« All constitutional control ove: believe to have been called forth the servants of the crown has been by that admirable constitution of lost, and parliaments have become government which Britons possess.' subservient to the will of ministers.'

It may be proper to show cause why we should have affirmed that Philip was sober in 1814, and drunk in 1816, when Philip himself might choose to reverse the statement, and plead drunk on the former occasion, having, at that time, been dining with kings and emperors. But Philip himself cannot be admitted as a fair judge of his own condition, and as persons, who, when in possession of their reason, are sensible, well-disposed, and decently behaved, will, when in liquor, talk nonsense, and become mischievous, quarrel. some, and insulting, it is clear, that Philip was sober when the first address was composed, and non compos mentis on the latter occasion.

In reality, as Great Britain never before had been engaged in so long or so arduous a war, so never was any war so constantly ap-. proved by the great body of the people, because none was ever more unequivocally just. It was a cause to which the strong language of old Tom Tell-troth might be applied, as being so just and so religious in all humane and divine respects, that if the noble army of martyrs were sent down upon earth to make their fortunes anew, they would choose no other quarrel to die in, nor hope for a surer way to l'ecover again the crown of glory.'

While the war continued, the large expenditure which it oceasioned at home* kept all things in activity; the landlord raised his rents as the government increased its imposts; the farmer demanded higher prices for his produce, and every man who had any thing to sell advanced the price of his commodities in like manner and in full proportion. Upon annuitants, and other persons,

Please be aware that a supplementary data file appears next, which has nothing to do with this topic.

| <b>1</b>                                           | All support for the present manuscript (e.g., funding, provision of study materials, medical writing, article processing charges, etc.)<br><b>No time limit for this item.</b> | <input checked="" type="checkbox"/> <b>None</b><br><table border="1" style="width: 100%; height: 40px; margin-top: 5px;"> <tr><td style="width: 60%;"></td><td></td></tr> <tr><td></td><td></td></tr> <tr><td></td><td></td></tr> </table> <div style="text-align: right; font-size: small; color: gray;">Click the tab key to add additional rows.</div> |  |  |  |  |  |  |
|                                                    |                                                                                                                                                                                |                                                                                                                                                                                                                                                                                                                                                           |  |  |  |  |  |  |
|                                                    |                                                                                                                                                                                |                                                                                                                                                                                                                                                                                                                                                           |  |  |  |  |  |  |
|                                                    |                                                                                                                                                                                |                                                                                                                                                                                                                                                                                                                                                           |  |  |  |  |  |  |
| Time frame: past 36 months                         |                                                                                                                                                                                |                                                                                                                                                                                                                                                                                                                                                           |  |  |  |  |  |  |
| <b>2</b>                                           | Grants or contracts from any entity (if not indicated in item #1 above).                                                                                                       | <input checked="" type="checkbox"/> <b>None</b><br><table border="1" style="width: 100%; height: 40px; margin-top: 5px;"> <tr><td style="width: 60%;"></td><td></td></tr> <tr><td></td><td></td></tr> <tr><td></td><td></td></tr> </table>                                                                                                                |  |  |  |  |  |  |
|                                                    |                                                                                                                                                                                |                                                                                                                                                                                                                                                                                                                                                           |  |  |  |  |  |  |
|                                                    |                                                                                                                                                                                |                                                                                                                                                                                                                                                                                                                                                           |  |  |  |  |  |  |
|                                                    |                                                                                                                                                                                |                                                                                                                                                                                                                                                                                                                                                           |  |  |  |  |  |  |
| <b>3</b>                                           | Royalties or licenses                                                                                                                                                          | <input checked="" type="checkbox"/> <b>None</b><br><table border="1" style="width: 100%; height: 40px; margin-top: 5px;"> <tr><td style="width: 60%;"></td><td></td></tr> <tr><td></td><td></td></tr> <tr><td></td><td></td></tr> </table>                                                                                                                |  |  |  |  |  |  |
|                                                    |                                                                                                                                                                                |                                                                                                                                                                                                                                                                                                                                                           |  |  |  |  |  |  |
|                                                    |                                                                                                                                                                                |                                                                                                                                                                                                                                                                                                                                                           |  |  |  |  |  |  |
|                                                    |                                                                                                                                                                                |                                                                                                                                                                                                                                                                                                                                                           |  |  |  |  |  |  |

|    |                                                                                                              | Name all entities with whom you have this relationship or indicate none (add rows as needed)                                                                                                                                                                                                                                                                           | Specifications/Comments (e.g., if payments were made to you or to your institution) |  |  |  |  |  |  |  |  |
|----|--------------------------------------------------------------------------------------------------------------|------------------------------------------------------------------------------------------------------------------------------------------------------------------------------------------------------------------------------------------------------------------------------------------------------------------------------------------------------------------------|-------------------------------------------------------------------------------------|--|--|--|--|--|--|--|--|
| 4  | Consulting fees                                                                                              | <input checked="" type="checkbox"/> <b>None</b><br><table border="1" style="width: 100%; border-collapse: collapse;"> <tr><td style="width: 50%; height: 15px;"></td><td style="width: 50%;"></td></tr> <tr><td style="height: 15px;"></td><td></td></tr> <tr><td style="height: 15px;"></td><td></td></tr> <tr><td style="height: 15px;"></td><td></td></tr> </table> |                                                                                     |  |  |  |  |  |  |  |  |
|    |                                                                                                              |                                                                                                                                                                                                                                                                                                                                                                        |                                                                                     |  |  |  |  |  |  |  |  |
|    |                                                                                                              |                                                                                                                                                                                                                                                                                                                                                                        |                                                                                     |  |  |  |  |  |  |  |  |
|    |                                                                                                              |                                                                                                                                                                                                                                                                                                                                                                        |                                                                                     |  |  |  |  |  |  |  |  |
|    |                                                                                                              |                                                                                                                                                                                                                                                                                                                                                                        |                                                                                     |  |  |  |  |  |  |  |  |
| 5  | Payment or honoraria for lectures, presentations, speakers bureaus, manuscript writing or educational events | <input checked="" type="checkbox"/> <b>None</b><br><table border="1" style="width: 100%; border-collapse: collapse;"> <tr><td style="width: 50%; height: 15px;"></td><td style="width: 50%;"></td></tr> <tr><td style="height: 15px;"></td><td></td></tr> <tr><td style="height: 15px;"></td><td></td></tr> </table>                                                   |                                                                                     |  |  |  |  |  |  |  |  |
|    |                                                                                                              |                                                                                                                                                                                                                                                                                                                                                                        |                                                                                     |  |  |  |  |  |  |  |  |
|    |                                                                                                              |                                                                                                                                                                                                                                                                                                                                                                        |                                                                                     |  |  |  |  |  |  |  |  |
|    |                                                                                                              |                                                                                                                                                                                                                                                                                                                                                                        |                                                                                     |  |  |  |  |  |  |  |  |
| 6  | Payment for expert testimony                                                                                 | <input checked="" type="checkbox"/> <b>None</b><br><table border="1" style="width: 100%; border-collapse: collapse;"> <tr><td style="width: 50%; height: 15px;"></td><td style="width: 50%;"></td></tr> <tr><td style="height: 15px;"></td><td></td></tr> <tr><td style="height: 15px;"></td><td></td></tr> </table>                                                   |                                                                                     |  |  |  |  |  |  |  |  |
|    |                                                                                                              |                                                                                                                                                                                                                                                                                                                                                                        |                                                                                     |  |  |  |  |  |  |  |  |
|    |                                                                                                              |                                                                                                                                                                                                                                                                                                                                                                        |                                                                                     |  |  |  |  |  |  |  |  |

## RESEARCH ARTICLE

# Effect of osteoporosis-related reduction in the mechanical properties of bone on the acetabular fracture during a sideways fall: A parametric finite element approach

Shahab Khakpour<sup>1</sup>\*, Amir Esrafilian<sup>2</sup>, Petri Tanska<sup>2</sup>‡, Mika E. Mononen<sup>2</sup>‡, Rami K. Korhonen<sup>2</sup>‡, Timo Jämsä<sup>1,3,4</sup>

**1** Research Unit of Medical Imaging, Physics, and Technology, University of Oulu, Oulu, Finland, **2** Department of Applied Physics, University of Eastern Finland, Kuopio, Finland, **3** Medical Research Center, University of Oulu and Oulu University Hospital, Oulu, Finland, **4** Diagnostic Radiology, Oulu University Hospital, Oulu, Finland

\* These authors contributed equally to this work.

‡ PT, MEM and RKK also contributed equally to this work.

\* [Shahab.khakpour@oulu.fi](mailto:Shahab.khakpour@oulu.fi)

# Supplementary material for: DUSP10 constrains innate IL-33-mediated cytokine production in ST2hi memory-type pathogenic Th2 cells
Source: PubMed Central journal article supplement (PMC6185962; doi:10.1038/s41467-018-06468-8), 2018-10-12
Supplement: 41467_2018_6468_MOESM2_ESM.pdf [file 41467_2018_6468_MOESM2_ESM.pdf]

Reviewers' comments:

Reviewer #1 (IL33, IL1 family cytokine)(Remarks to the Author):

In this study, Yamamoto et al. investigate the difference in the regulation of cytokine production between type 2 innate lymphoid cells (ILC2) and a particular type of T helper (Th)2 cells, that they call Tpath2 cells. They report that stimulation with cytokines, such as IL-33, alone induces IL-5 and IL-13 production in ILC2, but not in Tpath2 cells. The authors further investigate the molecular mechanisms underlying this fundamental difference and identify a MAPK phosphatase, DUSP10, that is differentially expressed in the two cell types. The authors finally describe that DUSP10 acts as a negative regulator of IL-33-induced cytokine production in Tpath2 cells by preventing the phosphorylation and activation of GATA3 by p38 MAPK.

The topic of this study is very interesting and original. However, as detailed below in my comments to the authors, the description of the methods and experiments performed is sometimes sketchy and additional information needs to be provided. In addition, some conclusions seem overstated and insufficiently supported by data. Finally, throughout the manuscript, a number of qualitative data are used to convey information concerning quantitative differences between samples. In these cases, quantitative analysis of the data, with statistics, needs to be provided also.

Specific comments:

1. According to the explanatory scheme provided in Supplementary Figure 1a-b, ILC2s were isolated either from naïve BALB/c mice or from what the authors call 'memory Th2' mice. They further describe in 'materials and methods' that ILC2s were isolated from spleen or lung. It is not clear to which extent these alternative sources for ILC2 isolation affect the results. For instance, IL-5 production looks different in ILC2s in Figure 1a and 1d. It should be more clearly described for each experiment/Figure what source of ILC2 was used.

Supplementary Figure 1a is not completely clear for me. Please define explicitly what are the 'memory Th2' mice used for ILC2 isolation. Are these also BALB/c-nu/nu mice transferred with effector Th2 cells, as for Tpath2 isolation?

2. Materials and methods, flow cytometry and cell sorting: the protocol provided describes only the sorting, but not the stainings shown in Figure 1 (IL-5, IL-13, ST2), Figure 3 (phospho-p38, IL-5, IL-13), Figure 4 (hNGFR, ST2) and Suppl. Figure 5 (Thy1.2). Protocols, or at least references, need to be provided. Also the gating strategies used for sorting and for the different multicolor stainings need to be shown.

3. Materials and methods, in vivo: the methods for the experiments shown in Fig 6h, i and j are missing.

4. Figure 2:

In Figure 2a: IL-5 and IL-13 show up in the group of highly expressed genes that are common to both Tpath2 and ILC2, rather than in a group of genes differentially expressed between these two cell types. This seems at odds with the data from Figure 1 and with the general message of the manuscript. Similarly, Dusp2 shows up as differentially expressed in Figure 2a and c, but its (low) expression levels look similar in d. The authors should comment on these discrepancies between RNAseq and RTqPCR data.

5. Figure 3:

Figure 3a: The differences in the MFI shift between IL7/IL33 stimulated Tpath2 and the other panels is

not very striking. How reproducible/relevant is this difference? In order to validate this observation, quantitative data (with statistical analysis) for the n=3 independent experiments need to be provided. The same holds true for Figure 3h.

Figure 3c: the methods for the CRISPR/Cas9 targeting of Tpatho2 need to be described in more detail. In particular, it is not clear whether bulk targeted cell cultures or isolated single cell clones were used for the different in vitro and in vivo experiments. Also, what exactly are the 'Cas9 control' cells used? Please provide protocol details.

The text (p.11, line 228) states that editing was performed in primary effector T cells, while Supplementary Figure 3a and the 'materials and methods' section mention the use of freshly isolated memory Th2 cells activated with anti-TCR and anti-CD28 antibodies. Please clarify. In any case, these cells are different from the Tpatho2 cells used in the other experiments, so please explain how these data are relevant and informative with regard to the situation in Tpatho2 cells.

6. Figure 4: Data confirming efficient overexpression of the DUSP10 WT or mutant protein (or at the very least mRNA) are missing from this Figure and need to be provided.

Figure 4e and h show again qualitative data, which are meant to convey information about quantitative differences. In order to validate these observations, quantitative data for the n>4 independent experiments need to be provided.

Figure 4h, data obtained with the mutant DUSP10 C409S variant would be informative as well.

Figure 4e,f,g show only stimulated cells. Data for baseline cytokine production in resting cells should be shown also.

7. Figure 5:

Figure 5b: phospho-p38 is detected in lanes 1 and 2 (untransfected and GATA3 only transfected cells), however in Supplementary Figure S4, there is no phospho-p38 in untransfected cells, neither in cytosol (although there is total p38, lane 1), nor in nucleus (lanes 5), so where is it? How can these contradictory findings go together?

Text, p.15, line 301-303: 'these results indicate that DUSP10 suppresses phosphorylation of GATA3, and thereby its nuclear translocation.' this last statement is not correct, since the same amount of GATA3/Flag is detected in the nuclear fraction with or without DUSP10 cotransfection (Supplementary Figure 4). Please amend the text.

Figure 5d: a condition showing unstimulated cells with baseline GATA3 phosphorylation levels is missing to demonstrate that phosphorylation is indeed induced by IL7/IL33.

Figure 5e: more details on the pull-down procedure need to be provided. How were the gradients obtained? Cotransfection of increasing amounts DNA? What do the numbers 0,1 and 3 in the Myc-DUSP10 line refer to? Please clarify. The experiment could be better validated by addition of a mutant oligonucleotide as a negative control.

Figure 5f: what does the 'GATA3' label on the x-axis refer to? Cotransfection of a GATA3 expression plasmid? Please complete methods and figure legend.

* There is a passage in Bishop Burnet which is strikingly applicable to recent times. He is speaking of Marlborough's war, and showing how the nation abounded both in money and zeal. Our armies as well as our allies were every where punce tually paid : the credit of the nation was never raised so bigh in any age, nor so s&e credly maintained: the treasury was as exact and as regular in all payments as any private banker could be. It is true a great deal of money went out of the kingdom in specie; that which maintained the war in Spain was to be sent thither in that manner :--by this means there grew to be a sensible want of money in our nation; this was in a great measure supplied by the currency of Exchequer bills and bank noles; and this lay so obvious to the disaffected party, that they were often attempting to blast, at least to disparage this paper credit; but it was still kept up. It bred a just indignation in all who had a true love to their country, to see some using all possible metbods to shake the administration, which, notwithstanding the difficulties at home and abroad, was much the best that had been in the memory of man: and was eertainly not only easy to the subjects in general, but gentle even towards those who were endeavouring to undermine it.?